When the eyes have a tendency to drift outwards towards the ears but do not actually become misaligned. The effort involved in keeping the eyes working together as a team can cause headaches, eye strain, or double vision especially during reading and close work.

Exotropia When one or both eyes are misaligned and point outward; also called a drifting or wandering eye. This is one type of strabismus.


The ability of the brain to combine the input from each eye into single vision. When fusion can’t be maintained, double vision will occur or one eye must be suppressed in order to avoid double vision.


Also called farsightedness. A refractive error where extra focusing effort is needed to see distance and near objects clearly. Depending on age and degree of hyperopia, objects may be clear or blurred without glasses. Other symptoms of hyperopia include headaches, eye strain, and avoidance of reading and other near tasks. Can also affect pre-school vision development.


Also called nearsightedness. A refractive error where near objects are seen clearly but distance vision is blurred. Myopia typically begins in childhood and progresses during the school years. Squinting is the primary sign of myopia in early childhood.


Rapid and involuntary eye movement where the eyes oscillate either slowly or quickly. Blurred vision usually results. Nystagmus typically appears in infancy.

Oculomotor Dysfunction

Another term for eye tracking difficulty. Also known as deficiencies of pursuits and saccades.


Individuals who are trained to make and fit glasses. Opticians are not licensed to write prescriptions for glasses or to perform eye examinations.

Optometrists (O.D.)

Doctors of Optometry who have attended 4 years of optometry school after college to study the eye and visual system. They can perform eye examinations, fit contact lenses, provide vision therapy and treat various eye diseases with topical and systemic medications. They do not perform ocular surgery.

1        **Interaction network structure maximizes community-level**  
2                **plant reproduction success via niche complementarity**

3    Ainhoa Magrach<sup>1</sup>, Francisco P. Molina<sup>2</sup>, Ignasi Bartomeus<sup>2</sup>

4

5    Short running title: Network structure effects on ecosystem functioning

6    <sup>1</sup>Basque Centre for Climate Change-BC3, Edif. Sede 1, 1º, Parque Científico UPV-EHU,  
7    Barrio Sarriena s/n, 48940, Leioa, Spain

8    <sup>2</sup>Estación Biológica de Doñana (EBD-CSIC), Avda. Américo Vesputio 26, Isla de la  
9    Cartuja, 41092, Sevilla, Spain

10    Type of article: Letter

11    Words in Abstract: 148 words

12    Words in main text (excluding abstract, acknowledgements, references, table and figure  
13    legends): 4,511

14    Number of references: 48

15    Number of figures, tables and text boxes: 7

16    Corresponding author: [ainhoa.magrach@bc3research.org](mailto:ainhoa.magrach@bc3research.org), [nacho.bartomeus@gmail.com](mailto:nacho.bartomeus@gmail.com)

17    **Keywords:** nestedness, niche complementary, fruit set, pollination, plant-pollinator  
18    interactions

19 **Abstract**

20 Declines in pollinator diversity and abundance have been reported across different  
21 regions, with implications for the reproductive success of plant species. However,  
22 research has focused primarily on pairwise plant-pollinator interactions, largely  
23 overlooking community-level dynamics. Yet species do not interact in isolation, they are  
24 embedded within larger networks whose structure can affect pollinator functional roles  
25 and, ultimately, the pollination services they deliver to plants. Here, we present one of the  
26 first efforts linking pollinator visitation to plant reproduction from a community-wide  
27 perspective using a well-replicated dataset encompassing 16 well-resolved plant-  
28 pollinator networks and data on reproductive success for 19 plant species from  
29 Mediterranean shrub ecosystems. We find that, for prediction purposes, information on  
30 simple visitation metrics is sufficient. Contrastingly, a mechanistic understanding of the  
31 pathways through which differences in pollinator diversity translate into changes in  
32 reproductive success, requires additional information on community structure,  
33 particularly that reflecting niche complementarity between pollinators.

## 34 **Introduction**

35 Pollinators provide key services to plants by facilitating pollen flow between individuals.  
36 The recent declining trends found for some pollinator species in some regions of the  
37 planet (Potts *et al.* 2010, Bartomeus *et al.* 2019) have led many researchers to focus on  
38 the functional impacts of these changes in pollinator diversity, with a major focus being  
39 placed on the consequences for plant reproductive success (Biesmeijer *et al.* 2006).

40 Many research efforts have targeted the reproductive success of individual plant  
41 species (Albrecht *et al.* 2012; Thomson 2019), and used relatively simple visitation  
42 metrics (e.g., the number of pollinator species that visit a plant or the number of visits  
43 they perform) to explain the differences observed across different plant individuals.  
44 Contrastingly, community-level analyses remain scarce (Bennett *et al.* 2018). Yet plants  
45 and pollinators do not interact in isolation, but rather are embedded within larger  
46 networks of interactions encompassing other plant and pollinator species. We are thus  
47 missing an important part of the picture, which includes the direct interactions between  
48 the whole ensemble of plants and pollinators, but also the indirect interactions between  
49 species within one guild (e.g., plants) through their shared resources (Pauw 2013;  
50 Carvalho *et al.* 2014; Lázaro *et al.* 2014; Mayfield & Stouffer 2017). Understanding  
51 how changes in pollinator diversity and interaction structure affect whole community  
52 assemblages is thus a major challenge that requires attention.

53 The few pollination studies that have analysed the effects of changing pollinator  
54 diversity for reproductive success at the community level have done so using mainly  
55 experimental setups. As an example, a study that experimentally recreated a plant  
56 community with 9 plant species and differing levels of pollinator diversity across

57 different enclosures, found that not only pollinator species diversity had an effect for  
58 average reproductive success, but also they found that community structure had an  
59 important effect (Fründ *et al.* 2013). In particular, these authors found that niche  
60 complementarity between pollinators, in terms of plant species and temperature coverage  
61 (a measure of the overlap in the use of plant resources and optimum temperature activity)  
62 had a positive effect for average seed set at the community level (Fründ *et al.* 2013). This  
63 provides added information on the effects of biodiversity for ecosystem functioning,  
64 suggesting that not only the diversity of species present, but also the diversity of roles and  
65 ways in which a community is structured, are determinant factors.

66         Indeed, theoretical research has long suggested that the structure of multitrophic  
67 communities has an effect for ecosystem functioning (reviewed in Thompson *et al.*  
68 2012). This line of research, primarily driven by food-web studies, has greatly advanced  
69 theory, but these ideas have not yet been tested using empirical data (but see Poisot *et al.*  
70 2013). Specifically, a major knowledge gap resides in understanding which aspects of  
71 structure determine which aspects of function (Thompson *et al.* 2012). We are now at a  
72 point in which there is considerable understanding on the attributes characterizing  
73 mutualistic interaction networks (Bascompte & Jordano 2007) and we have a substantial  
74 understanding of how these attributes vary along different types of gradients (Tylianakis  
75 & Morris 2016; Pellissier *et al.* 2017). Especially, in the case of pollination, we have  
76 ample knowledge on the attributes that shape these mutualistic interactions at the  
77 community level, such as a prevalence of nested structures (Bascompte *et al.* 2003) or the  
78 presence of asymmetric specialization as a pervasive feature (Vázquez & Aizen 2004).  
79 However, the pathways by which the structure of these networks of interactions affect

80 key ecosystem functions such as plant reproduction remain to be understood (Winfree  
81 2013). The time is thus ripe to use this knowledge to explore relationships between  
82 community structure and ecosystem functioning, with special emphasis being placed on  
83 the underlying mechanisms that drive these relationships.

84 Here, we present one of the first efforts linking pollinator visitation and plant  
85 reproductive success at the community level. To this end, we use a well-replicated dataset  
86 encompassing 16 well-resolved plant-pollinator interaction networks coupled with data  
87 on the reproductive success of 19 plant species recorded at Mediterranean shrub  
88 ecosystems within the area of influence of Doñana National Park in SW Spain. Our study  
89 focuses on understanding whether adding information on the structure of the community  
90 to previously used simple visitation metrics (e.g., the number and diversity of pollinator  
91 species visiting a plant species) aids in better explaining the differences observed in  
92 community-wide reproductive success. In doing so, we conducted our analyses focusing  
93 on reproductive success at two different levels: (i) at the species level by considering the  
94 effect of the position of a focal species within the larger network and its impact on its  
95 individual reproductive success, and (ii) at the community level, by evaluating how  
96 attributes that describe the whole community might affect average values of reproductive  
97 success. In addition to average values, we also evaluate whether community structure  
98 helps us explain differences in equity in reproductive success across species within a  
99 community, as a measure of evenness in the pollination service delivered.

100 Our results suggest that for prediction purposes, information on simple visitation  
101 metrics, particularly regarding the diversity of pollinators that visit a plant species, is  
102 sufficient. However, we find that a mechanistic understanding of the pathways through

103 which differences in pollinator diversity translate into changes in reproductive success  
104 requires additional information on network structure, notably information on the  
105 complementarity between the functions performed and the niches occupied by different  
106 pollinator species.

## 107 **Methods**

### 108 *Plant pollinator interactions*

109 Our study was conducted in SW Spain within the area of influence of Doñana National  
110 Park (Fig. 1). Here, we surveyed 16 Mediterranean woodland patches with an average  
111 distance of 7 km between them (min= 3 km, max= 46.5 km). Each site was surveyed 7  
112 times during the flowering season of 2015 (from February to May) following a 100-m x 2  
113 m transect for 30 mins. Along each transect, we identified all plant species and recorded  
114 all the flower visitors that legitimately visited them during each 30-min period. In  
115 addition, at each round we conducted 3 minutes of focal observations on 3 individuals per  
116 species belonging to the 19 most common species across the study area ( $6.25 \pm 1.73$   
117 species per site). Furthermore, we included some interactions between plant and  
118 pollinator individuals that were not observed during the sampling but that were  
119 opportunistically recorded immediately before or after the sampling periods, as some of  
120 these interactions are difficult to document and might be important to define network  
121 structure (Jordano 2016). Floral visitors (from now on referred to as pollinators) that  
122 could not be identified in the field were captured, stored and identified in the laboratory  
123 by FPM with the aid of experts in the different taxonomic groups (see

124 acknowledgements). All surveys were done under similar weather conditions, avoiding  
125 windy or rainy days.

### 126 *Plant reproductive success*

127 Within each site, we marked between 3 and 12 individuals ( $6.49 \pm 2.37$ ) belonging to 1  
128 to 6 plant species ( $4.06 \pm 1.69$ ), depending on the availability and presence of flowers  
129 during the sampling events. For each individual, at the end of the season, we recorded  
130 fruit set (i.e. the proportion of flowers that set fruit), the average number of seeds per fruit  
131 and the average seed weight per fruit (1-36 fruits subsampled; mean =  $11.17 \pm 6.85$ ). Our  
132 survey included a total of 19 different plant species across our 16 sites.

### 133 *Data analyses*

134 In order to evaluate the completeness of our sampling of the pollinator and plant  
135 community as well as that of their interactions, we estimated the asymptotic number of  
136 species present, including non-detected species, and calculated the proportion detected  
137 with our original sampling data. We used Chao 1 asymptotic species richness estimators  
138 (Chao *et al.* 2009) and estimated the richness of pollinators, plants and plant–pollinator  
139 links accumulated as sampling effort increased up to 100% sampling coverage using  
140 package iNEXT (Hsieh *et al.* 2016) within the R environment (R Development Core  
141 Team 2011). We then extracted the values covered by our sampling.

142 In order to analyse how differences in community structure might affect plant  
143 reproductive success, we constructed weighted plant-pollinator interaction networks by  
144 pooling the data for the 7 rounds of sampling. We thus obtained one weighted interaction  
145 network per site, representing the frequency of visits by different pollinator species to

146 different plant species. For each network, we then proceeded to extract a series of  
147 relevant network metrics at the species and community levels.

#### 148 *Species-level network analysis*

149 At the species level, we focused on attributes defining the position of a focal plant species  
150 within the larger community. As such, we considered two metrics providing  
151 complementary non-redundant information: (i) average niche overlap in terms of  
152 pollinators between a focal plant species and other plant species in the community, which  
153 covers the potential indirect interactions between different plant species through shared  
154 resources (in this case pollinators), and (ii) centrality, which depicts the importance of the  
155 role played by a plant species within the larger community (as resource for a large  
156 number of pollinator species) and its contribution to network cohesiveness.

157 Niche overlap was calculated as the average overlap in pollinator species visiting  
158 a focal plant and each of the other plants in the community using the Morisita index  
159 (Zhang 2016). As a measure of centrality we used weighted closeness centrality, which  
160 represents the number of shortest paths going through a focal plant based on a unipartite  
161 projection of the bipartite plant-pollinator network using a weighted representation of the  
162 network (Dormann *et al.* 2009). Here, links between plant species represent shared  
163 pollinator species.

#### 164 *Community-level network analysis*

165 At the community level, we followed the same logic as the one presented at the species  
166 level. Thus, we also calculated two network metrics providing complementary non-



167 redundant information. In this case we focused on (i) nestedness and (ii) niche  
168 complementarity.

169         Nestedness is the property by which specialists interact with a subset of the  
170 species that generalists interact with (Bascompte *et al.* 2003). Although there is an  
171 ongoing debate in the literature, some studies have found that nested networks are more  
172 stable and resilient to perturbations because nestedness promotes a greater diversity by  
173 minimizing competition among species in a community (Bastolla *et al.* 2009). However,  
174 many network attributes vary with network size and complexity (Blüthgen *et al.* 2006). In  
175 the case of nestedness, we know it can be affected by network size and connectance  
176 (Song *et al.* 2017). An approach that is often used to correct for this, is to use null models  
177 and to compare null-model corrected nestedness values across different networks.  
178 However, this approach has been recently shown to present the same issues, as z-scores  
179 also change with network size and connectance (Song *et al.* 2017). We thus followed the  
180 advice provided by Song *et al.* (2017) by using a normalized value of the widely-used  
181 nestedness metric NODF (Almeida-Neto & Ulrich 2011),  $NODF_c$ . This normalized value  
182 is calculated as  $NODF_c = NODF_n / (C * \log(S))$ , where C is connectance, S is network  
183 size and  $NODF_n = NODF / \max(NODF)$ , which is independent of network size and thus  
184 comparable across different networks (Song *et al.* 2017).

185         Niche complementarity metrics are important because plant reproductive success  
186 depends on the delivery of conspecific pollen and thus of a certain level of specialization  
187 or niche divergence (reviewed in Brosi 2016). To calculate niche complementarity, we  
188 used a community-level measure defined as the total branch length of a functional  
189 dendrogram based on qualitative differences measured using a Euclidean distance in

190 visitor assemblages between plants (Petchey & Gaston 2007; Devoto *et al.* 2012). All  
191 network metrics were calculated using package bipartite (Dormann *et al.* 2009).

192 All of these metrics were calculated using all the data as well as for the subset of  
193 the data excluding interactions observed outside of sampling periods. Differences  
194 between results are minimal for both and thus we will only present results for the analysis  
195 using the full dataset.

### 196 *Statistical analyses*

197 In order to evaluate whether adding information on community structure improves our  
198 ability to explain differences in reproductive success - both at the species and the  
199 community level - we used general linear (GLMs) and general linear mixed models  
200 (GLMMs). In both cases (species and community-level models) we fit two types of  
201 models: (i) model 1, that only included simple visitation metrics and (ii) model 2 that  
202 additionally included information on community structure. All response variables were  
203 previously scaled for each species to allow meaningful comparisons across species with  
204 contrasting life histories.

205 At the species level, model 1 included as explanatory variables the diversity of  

Ophthalmologist (M.D.)

Physicians who have completed a residency in the treatment of eye disease after medical school. They perform eye examinations and treat eye disease with medications and surgery.


A term for a limited form of vision therapy originally developed for strabismus.


A type of prescription lens that can help lessen double vision as well as impact visual spatial perception.

Pursuit Eye Movements

The ability to maintain your eyes on a moving object by moving the eyes at the same speed as the object, regardless of any changes in head or body posture. Important in sports and eye-hand coordination.

Saccadic Eye Movements

Also known as visual tracking. Saccades are small eye movements used when jumping from one word to another along a line of print or scanning objects in the environment. They are a developed fine-motor skill. Problems with saccadic eye movements cause loss of place with reading, omitting and substituting words, skipping lines, and reduced reading speed, as well as slow or inaccurate copying.


Also known as depth perception, it is the result of binocular fusion and allows us to see a three dimensional world. Amblyopia, strabismus and eye teaming problems often cause reduced stereopsis.


The cancellation or shutting off by the brain of the visual signals from one eye to prevent double vision and confusion that arise from binocular vision problems. Suppression causes reduced depth perception and in young children can also lead to amblyopia. Suppression is reversible with vision therapy.

Visual Processing

Visual processing, or visual perception, is the brain’s ability to analyze, interpret and output visual information. Visual processing is important in letter and number recognition, early reading and math skills, handwriting, and the ability to copy and organize written work. It includes such visual skills as visual-spatial ability, directionality, discrimination, closure, figure-ground, visual-motor integration, and processing speed.

Visual-Motor Integration (VMI) Dysfunction

The inability of the mind’s eye to guide the hands accurately during motor tasks. Children with VMI deficits struggle with handwriting, copying, drawing, organizing written output on paper, and answer sheets. Gross motor tasks can also be affected. Occupational therapists will often diagnose visual-motor problems in a school setting.